Preoperative evaluation of patients with DM should involve multidisciplinary team including medical, neurology, cardiac, and anesthesiology specialties. Any preoperative weakness should be addressed and further evaluated. Mathieu et al. have defined a grading system which is useful in assessing the disease severity (Table 2). Our patient was found to be between grades 2 and 3 in MIRS grading. Twelve lead EKG is recommended because of high risk of conduction defects. Transthoracic echocardiogram should be considered if any cardiorespiratory symptom or abnormal EKG is reported. In patient with respiratory symptoms, consideration should be given to pulmonary function testing. Cardiac rhythm management device like pacemaker and defibrillators should be interrogated.

Table 2: Muscular impairment rating scale [1].

As patients are at higher risk of aspiration due to reduced gastric emptying and pharyngeal muscle dysfunction, preoperative administration of any sedatives should be avoided as it will also further add to the respiratory depression. Consideration should be given to preoperative prophylaxis with sodium citrate, metoclopramide, and H2 antagonists to prevent aspiration.

3.3.2. Intraoperative Period

Choice of anesthesia should be regional wherever possible with minimal sedation. Spinal and epidural anesthesia have been reported to be successful in the past by Corriea et al., Subramaniyam et al., and Uno et al. [6, 7, 9], either as a sole anesthetic or as part of postoperative analgesia. As there are case reports of shivering and precipitation of myotonic crisis with uterine atony after epidural anesthesia for Cesarean section [21, 37], patients should be closely monitored during spinal or epidural anesthesia. When general anesthesia is chosen, anesthesiologist should be extremely careful during all the phases. During general anesthesia, muscle relaxants should be avoided as much as possible especially if surgery does not require it. If muscle relaxants need to be given, it should be ensured that patient is completely reversed. Use of peripheral nerve blocks in DM has seldom been reported because of the fear that neurostimulation during the peripheral nerve block might precipitate myotonia. But it may not be an issue these days as nerve stimulator can be avoided due to ultrasound availability [1].

Patients are very sensitive to opiates and anesthetic agents [3]. Table 3 summarizes the anesthetic drugs and their use in patients with myotonic dystrophy. Apart from standard ASA monitors, neuromuscular block monitor and temperature monitors should be applied. Rapid sequence induction should be the chosen mode of induction as these patients are at higher risk of aspiration due to pharyngeal muscle weakness.

Table 3: Anesthetic drugs and use in myotonic dystrophy patients.

DM can be precipitated intraoperatively by hypothermia, shivering, surgical or mechanical stimulation, and electrocautery [22, 25, 38]. It is important to maintain normothermia using forced air blankets and fluid warmers and maintaining operating room temperature. Availability of temporary pacemaker and defibrillator should be made ensured as well.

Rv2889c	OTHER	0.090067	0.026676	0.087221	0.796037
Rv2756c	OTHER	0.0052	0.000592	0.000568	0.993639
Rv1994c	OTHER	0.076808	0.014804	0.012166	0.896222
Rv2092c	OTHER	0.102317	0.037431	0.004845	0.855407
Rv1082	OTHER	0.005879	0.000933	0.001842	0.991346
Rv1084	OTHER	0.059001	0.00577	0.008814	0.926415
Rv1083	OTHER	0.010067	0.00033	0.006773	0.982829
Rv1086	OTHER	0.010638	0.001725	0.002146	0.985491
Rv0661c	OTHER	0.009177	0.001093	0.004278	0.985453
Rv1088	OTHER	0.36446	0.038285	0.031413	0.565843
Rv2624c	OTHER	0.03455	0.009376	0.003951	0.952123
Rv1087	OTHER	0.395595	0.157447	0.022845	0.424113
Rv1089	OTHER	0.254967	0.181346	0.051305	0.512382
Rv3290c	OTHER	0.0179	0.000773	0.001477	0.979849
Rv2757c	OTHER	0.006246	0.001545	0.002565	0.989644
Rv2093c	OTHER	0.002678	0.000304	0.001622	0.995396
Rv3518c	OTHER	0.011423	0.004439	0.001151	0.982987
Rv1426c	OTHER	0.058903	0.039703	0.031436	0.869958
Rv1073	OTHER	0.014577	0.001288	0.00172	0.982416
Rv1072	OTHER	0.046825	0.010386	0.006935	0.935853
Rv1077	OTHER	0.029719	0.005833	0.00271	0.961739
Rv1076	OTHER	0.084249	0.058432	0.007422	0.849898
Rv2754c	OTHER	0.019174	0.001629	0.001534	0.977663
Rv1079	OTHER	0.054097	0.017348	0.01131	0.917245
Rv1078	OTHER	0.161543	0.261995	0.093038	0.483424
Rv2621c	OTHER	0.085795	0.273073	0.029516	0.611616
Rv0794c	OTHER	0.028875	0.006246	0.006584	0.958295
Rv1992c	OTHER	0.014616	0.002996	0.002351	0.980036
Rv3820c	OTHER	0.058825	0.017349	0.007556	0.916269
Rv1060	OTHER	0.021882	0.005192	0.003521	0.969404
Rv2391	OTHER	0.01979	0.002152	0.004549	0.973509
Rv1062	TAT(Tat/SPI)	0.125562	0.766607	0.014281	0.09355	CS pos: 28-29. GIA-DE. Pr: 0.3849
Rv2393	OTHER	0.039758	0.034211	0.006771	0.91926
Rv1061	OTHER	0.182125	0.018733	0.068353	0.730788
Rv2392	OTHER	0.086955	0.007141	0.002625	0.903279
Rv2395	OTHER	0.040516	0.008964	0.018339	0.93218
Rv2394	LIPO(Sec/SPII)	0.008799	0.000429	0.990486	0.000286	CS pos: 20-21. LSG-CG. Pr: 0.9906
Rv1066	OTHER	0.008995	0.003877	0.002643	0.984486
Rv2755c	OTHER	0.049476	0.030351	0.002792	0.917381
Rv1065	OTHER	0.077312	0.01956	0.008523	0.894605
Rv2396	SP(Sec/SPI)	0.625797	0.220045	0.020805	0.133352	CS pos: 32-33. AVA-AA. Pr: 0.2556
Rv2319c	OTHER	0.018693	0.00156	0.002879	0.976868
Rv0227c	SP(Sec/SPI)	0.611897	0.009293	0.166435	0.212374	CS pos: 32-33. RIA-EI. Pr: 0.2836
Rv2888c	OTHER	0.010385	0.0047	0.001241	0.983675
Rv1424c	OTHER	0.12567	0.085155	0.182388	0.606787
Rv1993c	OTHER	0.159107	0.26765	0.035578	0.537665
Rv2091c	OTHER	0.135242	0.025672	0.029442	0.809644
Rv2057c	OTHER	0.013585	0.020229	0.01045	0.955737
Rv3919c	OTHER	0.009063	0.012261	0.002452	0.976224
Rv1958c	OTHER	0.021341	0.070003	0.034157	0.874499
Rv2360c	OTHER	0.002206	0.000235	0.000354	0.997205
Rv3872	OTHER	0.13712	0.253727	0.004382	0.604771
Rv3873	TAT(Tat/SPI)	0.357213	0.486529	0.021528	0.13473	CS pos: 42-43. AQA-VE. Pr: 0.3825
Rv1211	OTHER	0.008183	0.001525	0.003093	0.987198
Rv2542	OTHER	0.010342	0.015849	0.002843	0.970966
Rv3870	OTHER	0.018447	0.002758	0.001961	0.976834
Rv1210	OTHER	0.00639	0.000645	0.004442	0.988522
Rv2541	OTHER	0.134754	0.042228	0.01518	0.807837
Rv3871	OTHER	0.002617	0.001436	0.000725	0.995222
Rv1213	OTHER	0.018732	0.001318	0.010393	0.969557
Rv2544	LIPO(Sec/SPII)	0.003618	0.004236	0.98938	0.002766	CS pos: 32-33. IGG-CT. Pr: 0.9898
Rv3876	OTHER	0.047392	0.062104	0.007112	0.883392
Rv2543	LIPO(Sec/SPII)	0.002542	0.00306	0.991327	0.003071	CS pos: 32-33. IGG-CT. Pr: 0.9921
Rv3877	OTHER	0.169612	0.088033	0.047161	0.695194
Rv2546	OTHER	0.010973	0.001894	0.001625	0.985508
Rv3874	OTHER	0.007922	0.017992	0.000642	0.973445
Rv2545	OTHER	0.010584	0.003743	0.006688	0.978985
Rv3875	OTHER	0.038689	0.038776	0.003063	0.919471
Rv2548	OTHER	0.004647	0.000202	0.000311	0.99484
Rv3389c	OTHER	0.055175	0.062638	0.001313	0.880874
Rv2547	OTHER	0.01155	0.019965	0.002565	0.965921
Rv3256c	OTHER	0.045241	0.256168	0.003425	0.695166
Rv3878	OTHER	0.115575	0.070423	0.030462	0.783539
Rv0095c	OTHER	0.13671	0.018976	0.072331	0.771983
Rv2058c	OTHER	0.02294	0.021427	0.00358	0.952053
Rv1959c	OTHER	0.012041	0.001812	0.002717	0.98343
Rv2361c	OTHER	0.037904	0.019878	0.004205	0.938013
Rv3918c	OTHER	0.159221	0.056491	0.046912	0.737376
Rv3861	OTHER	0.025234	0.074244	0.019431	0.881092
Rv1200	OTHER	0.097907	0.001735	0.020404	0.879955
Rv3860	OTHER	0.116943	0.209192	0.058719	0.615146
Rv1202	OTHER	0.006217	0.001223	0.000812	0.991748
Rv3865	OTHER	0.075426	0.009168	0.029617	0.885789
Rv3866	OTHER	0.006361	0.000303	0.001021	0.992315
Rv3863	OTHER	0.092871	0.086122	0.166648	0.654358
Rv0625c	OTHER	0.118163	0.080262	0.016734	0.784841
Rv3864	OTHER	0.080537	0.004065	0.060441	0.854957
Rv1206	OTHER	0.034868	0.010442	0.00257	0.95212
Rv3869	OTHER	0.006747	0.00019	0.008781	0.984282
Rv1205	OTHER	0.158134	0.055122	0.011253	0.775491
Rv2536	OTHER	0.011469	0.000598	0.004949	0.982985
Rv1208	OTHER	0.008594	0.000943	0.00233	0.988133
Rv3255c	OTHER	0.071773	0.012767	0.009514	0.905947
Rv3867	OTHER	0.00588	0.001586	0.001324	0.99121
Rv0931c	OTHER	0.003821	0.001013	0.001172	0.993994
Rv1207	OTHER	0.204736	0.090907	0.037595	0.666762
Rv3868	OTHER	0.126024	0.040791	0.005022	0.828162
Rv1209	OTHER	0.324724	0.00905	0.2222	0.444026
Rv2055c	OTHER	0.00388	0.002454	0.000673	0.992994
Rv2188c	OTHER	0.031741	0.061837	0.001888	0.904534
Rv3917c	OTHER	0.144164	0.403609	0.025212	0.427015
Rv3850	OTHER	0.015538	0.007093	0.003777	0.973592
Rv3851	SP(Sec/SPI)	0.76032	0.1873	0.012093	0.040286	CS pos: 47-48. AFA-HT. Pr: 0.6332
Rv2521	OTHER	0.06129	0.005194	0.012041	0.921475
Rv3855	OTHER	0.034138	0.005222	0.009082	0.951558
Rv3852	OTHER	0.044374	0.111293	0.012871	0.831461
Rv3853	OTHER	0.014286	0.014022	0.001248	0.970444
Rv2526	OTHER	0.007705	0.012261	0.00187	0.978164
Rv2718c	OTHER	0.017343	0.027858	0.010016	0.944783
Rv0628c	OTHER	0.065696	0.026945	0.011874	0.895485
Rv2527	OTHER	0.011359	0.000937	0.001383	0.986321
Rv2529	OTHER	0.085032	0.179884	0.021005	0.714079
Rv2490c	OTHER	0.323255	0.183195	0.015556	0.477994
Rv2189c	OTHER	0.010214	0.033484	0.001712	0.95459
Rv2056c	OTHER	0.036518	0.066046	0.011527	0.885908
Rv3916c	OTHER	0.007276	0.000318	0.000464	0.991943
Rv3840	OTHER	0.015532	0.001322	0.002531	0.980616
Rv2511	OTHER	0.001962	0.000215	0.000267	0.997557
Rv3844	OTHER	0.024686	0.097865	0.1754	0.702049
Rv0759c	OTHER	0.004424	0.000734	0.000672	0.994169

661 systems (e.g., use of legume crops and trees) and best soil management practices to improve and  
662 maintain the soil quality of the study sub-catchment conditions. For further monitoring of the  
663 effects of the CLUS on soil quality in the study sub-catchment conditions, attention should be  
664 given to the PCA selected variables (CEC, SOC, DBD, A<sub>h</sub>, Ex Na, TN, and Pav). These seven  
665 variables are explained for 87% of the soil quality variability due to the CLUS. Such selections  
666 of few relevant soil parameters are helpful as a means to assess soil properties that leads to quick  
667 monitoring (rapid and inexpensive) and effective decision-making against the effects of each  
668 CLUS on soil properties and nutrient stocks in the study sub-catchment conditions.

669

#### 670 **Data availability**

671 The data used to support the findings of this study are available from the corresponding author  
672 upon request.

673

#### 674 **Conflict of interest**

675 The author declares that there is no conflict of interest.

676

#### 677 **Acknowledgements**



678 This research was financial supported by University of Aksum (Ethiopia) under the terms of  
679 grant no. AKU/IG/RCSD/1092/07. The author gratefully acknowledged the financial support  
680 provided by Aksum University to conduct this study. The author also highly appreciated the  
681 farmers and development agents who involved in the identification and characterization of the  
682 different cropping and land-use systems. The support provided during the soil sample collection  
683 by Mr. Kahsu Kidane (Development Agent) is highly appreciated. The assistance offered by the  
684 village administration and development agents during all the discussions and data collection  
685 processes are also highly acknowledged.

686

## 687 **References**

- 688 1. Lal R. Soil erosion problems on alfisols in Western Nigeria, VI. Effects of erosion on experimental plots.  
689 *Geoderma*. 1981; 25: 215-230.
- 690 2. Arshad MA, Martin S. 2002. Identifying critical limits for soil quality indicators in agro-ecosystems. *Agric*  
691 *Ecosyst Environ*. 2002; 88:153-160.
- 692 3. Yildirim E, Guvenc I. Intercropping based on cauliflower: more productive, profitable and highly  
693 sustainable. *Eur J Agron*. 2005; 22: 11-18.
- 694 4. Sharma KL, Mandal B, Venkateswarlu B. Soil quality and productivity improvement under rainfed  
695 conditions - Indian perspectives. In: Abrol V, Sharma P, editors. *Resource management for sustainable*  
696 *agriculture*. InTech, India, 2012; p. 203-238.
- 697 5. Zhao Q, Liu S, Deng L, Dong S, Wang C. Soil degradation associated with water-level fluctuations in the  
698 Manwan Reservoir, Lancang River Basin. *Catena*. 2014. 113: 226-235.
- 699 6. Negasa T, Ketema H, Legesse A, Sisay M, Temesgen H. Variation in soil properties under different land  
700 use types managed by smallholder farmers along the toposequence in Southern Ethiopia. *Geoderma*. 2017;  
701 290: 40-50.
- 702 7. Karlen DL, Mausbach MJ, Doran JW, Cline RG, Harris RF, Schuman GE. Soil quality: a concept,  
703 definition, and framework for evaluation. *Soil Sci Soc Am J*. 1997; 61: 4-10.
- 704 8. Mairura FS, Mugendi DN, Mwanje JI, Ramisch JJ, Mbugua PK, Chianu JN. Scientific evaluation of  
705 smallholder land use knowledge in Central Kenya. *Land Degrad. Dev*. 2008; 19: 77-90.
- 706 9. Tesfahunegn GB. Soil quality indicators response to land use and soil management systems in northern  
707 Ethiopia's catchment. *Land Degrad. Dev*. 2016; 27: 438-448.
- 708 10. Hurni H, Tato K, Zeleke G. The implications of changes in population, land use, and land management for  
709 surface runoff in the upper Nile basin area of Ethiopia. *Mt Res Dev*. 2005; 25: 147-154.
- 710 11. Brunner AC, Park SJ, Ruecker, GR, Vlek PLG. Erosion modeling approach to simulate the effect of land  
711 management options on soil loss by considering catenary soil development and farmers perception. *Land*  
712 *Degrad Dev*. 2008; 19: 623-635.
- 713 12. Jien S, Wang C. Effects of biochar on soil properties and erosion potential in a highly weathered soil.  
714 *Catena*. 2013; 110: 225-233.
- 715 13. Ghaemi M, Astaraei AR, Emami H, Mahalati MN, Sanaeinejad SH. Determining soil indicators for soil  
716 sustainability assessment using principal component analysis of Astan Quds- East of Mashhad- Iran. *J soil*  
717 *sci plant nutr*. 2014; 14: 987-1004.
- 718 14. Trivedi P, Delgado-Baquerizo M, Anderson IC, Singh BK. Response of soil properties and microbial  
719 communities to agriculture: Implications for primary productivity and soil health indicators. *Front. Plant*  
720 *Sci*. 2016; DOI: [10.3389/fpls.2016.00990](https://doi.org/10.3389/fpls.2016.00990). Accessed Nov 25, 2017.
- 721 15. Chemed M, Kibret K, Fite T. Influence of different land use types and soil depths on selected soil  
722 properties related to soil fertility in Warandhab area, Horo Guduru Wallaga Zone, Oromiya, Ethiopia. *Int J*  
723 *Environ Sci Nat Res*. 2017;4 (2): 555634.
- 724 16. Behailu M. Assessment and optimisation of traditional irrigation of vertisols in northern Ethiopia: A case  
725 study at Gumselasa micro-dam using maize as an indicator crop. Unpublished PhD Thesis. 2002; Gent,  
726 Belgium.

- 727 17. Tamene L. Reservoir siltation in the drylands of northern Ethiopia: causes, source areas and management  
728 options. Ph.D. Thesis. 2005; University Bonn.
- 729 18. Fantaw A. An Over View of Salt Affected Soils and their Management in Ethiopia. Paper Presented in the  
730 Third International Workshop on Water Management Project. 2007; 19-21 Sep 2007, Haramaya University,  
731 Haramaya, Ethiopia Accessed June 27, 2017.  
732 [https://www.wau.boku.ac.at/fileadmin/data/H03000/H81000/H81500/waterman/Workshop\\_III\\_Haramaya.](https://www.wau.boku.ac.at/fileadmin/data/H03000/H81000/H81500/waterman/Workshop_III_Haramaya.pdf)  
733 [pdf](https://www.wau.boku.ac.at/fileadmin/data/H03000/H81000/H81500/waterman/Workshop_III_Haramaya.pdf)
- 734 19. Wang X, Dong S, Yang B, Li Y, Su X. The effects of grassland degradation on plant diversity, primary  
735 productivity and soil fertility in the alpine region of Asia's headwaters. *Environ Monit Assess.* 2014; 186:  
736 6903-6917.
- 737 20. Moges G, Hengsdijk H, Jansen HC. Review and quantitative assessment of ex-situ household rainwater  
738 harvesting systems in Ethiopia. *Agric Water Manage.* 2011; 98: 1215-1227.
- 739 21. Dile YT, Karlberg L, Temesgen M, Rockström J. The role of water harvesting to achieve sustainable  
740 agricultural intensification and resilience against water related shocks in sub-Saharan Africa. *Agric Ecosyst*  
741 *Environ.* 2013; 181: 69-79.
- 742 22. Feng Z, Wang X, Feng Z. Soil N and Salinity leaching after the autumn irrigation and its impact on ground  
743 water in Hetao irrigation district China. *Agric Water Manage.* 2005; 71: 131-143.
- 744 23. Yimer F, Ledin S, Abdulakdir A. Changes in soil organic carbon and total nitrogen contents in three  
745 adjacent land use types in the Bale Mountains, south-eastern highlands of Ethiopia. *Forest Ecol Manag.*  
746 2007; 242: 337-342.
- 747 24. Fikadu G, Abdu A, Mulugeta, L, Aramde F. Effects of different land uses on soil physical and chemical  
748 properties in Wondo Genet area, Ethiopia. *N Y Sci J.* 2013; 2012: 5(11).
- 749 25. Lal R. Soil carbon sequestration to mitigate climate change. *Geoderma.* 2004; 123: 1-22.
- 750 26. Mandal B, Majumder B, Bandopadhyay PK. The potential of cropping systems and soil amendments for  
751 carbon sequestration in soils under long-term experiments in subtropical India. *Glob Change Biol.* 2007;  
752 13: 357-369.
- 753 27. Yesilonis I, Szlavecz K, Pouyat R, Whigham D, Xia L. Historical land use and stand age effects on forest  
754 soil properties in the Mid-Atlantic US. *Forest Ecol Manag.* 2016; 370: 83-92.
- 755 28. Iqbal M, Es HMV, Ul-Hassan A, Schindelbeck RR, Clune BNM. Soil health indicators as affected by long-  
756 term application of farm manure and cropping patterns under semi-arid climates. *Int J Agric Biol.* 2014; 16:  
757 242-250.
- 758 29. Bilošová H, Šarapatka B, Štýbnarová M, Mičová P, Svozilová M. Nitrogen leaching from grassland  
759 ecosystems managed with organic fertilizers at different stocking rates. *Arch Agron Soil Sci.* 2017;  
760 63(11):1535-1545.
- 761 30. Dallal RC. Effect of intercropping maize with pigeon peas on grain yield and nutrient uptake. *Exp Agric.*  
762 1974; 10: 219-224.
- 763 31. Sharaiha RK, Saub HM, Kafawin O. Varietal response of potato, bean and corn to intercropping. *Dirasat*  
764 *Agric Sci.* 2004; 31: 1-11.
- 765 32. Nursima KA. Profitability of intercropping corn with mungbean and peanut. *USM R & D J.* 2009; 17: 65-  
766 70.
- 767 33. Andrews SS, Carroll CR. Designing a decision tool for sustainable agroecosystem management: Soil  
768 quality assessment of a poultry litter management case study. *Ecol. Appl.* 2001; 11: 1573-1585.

3.3.3. Postoperative Period

Numerous cases of perioperative complications have been reported in patients with DM and most of them are pulmonary [34, 38]. Hence, careful monitoring is required in the early postoperative period [34]. Postoperative observation for 24 hours was suggested in the past for patients with DM receiving general anesthesia [39]. It is recommended to avoid use of opioids in recovery room if possible and consider multimodal treatment for pain.

In a retrospective study of 219 DM patients in Quebec between periods of 1961 and 1986, Mathieu J. et al. found the rate of perioperative complications to be 8.2%, which were mostly pulmonary. Major risk factors for them were found to be upper abdominal surgery and severe muscular disability as assessed by proximal muscle weakness. The likelihood was not related to any specific anesthetic drugs [34].

In 2009, Sinclair JL et al. reported a retrospective study on 27 pediatric patients, who received anesthesia 78 times over a span of 18 years (1989-2006) [40]. Overall postoperative pulmonary complication was 10%. Significant risk factors identified were high MIRS score, use of muscle relaxants without reversal, use of perioperative morphine, longer duration of surgery (>1 hour), and increased CTG repeat size. Four intraoperative and 8 postoperative adverse events were recorded, which were mostly pulmonary like hypoxia and apnea intraoperatively and hypoventilation, failed weaning, cyanosis, and continued mechanical ventilation in ICU postoperatively. [40]. Use of muscle relaxants without reversal was reported to be one of the major factors for postoperative complications. But in the cases after year of 2000, there was less use of muscle relaxants altogether, so practitioners were avoiding both muscle relaxants and reversal. In recent past, sugammadex has been used with great success for these cases, avoiding the use of anticholinesterases and successfully reversing intermediate acting steroidal muscle relaxants. In a retrospective review of 121 patients with DM2 by Kirzinger et al., authors found the complications to be much less in DM2 patients as compared to DM1 patients. It was mainly due to minor respiratory involvement in DM2 patients. Risk factors for increased perioperative complications are summarized in Table 4 [18, 22, 23, 34, 40].